Last but not least is an important pillar: that this be done through an asset-based developmental lens versus a deficit lens, where the communities are looked at as people who need a service or need to be fixed versus a community who actually has a lot of assets that the school staff need.
Those are the five [pillars]. Another key pillar we’re learning about is that family engagement needs to be culturally responsive and respectful.
What specific tools have you seen work in different places?
I’ve written a book called Powerful Partnerships with Ilene Carver, who was a teacher here in Boston, and Jessica Lander, who is a teacher in Lawrence, Massachusetts. The book is for teachers. They have specific questions about what do I do from August to June to build these partnerships. One of the things we wrote about is changing the traditional parent-teacher conference into something called a family conference. This is where the student has a chance to weigh in and talk about his or her strengths and challenges, and then as a group the family and the teacher and the student talk about some of the ways we can work together to ensure your success. The more traditional parent-teacher conference usually leads to heightened anxiety for both the teacher and the parent. But a family conference is a real dialogue and is an opportunity for the family to express themselves. The teacher asks, “Tell me what you’ve seen and what you think are your child’s strengths.” Sometimes they ask a question like, “What are your hopes and dreams for your child?” The student gets a chance to say, “Here are my strengths and challenges and things I would like to get better at.” And then there’s a compact or summary of what we can all do together to help the student reach their goals. It’s a lot more of a shared-responsibility type of event. Families report that they like this style of conference much better; teachers like it better because it’s built through a dynamic partnership versus the school being the expert and the parents just listening. It’s taking an already existing event and changing it so it’s more effective.
The Every Student Succeeds Act has been more supportive of family engagement. Why is this federal policy a step forward?
We were able to put more of the dual-capacity framework into ESSA, and there were few shifts in terms of how the budget for districts would be distributed among the districts and schools. We wanted to see a little bit more money rest with the new district positions for family engagement. We did want to see the set-aside be increased from 1 percent to 2 percent, but we were not successful with that.
There’s a lot more language about collaboration between parents and staff. There’s more language about providing capacity-building training for staff around family engagement. We were able to get the language changed from “parent involvement” to “family engagement.” Although some people think that that’s just semantics, we think it’s language that’s much more inclusive. Maybe these things seem like small steps, but the more we can do to signal that we’re really talking about family engagement and family, meaning any adult caretaker that rises up to take care of our children, those people should be included and counted and valued and respected. The law now says “family engagement,” and the engagement part connotes the kind of commitment that we’re looking for.
Do any states stand out to you as leaders in family engagement best practices or policies?
I’m proud of Massachusetts, because some years back they did include proficiency in family engagement in our state educator evaluator standards. New York state is another one that has done that. So the next frontier is getting language about family engagement and community engagement proficiency built into the teacher credentialing system, because that would push our teacher preparation institutions into including capacity-building around family and community engagement in their training. That’s the next frontier. We have had a lot of teachers tell us they haven’t gotten any training in this area, and that can lead to ineffective practice.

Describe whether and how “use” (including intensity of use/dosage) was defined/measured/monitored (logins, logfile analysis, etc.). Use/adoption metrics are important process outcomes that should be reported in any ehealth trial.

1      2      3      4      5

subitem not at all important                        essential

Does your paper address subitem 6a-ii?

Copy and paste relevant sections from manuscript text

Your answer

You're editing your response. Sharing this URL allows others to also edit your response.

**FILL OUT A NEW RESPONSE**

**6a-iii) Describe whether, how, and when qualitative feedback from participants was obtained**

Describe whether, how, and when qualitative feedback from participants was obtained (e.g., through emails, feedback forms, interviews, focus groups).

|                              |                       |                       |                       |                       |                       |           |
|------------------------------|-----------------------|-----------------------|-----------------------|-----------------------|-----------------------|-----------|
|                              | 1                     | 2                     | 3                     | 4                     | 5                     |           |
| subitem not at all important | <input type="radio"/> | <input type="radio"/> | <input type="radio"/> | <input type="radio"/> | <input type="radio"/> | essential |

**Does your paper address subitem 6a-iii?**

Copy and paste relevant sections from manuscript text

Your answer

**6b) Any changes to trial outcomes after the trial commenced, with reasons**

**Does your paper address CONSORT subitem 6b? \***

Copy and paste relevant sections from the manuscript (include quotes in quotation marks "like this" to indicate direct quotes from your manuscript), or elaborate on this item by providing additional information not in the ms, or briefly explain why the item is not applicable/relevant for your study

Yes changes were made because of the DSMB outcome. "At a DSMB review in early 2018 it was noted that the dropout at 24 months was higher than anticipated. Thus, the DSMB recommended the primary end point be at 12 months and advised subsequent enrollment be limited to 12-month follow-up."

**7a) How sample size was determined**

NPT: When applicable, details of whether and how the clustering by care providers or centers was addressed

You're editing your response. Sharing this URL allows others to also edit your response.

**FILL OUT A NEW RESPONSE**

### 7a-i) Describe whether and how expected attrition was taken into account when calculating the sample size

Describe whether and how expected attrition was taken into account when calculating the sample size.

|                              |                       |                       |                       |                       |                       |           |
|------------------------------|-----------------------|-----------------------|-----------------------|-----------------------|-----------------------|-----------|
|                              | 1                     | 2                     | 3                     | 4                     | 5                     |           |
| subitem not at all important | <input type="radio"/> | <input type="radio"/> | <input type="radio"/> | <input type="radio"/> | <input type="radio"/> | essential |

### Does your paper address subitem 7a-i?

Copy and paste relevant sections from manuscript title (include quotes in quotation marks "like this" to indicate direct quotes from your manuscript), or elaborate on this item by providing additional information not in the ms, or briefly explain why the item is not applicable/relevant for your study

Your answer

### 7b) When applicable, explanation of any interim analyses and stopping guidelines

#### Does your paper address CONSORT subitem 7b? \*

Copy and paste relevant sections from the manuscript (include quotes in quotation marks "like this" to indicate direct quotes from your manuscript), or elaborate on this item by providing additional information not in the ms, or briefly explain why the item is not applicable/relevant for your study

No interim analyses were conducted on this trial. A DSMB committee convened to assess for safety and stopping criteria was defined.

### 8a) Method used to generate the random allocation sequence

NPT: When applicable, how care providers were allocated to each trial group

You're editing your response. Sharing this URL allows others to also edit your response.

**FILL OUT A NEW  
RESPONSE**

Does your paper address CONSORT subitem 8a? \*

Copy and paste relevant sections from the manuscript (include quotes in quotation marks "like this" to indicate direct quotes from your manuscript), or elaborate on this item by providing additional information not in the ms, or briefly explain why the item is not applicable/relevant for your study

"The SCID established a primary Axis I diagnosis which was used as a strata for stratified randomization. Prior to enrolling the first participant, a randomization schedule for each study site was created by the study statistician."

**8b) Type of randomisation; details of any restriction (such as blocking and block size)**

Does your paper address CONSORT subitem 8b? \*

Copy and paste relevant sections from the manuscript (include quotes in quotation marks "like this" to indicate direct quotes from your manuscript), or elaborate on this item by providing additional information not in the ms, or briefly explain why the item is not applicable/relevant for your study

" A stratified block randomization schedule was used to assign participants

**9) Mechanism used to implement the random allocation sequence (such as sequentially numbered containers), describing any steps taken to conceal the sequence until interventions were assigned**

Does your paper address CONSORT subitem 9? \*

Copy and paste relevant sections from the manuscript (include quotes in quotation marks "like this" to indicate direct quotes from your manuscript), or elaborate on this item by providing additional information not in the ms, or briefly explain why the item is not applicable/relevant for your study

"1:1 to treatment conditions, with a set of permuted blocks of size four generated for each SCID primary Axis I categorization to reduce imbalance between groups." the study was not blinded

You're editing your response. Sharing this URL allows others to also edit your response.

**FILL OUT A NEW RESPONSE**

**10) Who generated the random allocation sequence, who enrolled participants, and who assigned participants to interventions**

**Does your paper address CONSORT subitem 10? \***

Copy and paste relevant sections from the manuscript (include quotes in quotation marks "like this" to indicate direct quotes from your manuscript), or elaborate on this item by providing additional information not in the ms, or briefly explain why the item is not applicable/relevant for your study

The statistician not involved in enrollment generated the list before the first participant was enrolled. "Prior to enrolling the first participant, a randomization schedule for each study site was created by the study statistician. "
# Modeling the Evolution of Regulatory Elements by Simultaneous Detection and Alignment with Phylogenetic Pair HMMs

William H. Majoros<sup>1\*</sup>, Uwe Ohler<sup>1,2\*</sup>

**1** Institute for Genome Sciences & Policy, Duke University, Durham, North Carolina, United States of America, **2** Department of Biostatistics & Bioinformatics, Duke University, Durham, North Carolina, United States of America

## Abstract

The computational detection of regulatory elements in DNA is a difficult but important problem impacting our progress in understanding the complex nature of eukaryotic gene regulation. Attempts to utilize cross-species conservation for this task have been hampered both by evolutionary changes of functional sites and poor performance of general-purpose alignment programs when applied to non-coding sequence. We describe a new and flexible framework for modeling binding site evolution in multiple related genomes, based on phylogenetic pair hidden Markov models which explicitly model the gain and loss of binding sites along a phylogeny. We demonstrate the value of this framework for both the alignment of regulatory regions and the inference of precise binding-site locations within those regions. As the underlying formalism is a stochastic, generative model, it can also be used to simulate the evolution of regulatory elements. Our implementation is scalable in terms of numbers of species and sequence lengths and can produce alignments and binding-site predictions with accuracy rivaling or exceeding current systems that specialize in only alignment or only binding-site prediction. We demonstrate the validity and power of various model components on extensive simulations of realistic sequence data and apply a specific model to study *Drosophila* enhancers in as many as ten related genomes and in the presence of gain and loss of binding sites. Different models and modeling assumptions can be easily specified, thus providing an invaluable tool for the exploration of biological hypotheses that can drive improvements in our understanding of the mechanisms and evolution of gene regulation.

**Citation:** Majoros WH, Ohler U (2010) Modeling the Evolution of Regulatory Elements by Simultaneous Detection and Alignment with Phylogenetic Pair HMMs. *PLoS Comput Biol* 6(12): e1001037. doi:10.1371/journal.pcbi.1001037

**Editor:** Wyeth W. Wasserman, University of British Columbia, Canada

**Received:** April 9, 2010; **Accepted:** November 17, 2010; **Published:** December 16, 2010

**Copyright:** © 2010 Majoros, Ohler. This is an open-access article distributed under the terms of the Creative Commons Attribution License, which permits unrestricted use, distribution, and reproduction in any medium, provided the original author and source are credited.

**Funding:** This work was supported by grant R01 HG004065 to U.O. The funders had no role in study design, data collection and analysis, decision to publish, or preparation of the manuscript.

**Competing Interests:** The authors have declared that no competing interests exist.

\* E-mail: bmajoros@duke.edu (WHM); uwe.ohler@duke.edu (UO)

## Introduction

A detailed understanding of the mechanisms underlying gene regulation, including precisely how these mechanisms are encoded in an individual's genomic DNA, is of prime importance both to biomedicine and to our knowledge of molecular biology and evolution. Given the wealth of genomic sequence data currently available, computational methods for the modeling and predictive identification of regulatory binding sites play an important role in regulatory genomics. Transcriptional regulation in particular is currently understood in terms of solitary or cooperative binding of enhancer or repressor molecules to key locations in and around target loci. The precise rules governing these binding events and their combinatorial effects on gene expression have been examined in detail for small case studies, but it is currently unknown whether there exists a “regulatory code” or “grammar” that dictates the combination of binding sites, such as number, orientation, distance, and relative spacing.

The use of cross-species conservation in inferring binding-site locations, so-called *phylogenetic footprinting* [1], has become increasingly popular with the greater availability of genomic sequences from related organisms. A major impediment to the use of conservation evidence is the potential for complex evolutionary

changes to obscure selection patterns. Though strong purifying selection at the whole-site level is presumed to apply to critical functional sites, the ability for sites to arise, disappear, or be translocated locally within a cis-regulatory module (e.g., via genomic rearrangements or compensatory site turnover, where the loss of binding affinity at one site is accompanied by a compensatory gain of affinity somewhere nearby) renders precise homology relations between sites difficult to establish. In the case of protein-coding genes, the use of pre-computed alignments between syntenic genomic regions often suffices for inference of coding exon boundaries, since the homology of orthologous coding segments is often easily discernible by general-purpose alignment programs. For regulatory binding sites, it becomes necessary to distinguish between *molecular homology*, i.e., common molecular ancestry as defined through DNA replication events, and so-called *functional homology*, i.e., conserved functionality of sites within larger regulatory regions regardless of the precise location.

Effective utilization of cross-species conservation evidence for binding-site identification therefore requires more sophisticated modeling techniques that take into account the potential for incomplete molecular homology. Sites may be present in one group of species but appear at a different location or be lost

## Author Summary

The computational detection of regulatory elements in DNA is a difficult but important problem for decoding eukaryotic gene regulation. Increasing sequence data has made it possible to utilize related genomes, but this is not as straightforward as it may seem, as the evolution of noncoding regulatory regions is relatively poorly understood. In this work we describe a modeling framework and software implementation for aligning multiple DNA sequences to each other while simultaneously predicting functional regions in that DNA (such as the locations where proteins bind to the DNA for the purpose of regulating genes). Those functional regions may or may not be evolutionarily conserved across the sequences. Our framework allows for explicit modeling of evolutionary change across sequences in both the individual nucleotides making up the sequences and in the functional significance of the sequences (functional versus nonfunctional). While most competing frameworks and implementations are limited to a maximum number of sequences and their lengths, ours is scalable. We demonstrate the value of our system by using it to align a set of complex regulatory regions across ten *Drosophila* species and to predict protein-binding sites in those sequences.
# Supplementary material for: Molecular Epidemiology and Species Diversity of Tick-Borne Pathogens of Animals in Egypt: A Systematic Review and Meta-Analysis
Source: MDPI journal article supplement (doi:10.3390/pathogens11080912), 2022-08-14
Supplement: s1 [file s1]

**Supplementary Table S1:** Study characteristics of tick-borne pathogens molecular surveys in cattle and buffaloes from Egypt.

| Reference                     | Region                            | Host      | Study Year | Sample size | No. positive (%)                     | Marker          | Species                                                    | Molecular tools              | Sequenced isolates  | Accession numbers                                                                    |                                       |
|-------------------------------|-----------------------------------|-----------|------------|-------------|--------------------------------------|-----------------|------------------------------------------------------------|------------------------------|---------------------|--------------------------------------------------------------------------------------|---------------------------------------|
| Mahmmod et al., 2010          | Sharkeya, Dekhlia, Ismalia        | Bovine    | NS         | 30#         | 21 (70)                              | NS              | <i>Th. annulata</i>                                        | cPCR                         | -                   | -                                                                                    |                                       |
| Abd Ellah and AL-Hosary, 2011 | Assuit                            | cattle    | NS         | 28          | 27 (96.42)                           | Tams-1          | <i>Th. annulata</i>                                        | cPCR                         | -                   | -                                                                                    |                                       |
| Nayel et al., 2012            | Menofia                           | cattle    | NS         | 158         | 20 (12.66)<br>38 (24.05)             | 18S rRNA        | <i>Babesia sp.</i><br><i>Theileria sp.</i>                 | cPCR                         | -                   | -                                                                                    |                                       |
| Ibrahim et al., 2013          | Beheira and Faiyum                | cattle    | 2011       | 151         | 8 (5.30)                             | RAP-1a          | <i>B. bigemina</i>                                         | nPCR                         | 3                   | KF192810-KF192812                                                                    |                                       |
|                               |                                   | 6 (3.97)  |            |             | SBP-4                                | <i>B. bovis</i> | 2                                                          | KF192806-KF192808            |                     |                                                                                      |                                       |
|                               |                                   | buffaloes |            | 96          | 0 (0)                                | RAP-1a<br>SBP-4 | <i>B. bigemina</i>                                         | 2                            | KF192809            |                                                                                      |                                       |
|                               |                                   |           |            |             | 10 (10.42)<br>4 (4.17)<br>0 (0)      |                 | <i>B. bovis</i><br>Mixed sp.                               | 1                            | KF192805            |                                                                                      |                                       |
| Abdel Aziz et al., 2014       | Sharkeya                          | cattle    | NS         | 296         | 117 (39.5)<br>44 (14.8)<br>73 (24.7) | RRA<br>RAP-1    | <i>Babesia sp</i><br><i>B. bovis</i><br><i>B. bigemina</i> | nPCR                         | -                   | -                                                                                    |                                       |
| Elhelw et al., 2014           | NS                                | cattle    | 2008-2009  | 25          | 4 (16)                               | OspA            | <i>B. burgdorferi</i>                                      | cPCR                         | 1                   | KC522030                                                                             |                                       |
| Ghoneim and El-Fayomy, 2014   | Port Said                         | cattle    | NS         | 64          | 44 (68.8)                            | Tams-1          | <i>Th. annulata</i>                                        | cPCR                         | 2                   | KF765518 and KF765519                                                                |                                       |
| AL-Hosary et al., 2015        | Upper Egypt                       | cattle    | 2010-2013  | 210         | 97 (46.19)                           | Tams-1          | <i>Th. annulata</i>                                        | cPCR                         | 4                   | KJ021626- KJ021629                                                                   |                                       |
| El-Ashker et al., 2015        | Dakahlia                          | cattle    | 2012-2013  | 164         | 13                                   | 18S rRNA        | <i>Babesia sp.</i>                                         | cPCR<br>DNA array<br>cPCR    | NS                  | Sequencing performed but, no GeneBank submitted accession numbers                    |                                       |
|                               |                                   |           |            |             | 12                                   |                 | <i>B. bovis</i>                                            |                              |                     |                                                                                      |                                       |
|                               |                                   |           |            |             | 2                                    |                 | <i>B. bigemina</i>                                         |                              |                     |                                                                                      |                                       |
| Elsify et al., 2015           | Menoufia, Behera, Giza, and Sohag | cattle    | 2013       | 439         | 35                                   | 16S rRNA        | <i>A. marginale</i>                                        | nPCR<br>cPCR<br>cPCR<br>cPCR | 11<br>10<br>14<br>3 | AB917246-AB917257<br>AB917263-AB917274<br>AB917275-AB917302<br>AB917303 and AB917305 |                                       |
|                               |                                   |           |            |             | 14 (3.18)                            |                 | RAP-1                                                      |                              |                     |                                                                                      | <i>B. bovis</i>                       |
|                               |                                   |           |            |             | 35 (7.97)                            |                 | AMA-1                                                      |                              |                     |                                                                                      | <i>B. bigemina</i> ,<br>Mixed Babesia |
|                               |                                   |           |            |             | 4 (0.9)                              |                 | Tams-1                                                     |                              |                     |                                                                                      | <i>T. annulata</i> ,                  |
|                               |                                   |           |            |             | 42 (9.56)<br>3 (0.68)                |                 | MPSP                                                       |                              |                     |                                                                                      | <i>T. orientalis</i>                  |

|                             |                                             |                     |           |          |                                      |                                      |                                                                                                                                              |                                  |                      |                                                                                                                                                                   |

What are some challenges in recommending family engagement to schools?
People have not been trained. A lot of times they lack the confidence. A lot of unfortunate bad practices have been handed down year after year: for example, the way that we do parent-teacher conferences. The more we can start to expose people to effective practice, the more we’ll be able to implement and sustain programs that work. I don’t think this is a lack of will, necessarily. I think people are fearful because they haven’t had the experience and sometimes they end up having a bad experience, which, understandably, makes people less inclined to try again. If we can build the capacity of our professionals to do this work in a much more effective way, they will enjoy it more and want to do it and be more passionate about it.
If a teacher came to you for advice on how to better engage families, what would you say?
This is a skill that has to be learned over time. It’s not something that somebody can give you a sheet and say “do this.” It’s something that people have to practice. For example, in Powerful Partnerships, we have reflective exercises, writing about your core beliefs about families and family engagement, self-interrogation, self-reflection, and then we have small, low-hanging-fruit changes that you can make to your practice and then move to things that might be more comprehensive. People want to say, “Just give me the list of things that I can do.” It’s not quite that easy. Like with anything else, it comes with practice, it comes with learning, it comes with reading. Some of these districts are getting family engagement coaches who go to schools and coach their staff. I have a workshop series that Scholastic books coordinates, and it’s for trainers to go out and actually help school teams learn the practice of family engagement. I don’t want you or others to think that this is a matter of getting a checklist and saying, “Oh, I did this.” This is about changing your heart and your mind.
Do you find most teachers really do want to engage families? Are they often distracted by all the other things they need to do?
Most teachers I’ve met absolutely are very passionate about wanting to engage families better and say, “We don’t know how to do it. We need help.” Even some of the teachers who are a bit reticent in the beginning, when they see the results, they [say], “Show me more.” I’ve seen teachers be very enthusiastic about this, especially when they realize engaging families makes their jobs easier, not harder. Yes, the investment in the beginning is time-consuming, especially because teachers already have so much on their plates. But teachers have told me, “If I had known back when I started teaching that engaging families was going to make my job so much easier and fulfilling, boy, would I have done it earlier.” Some people feel like family engagement is a burden or an add-on or an extra; these teachers will tell you, “This is an absolutely integral part of my teaching practice.”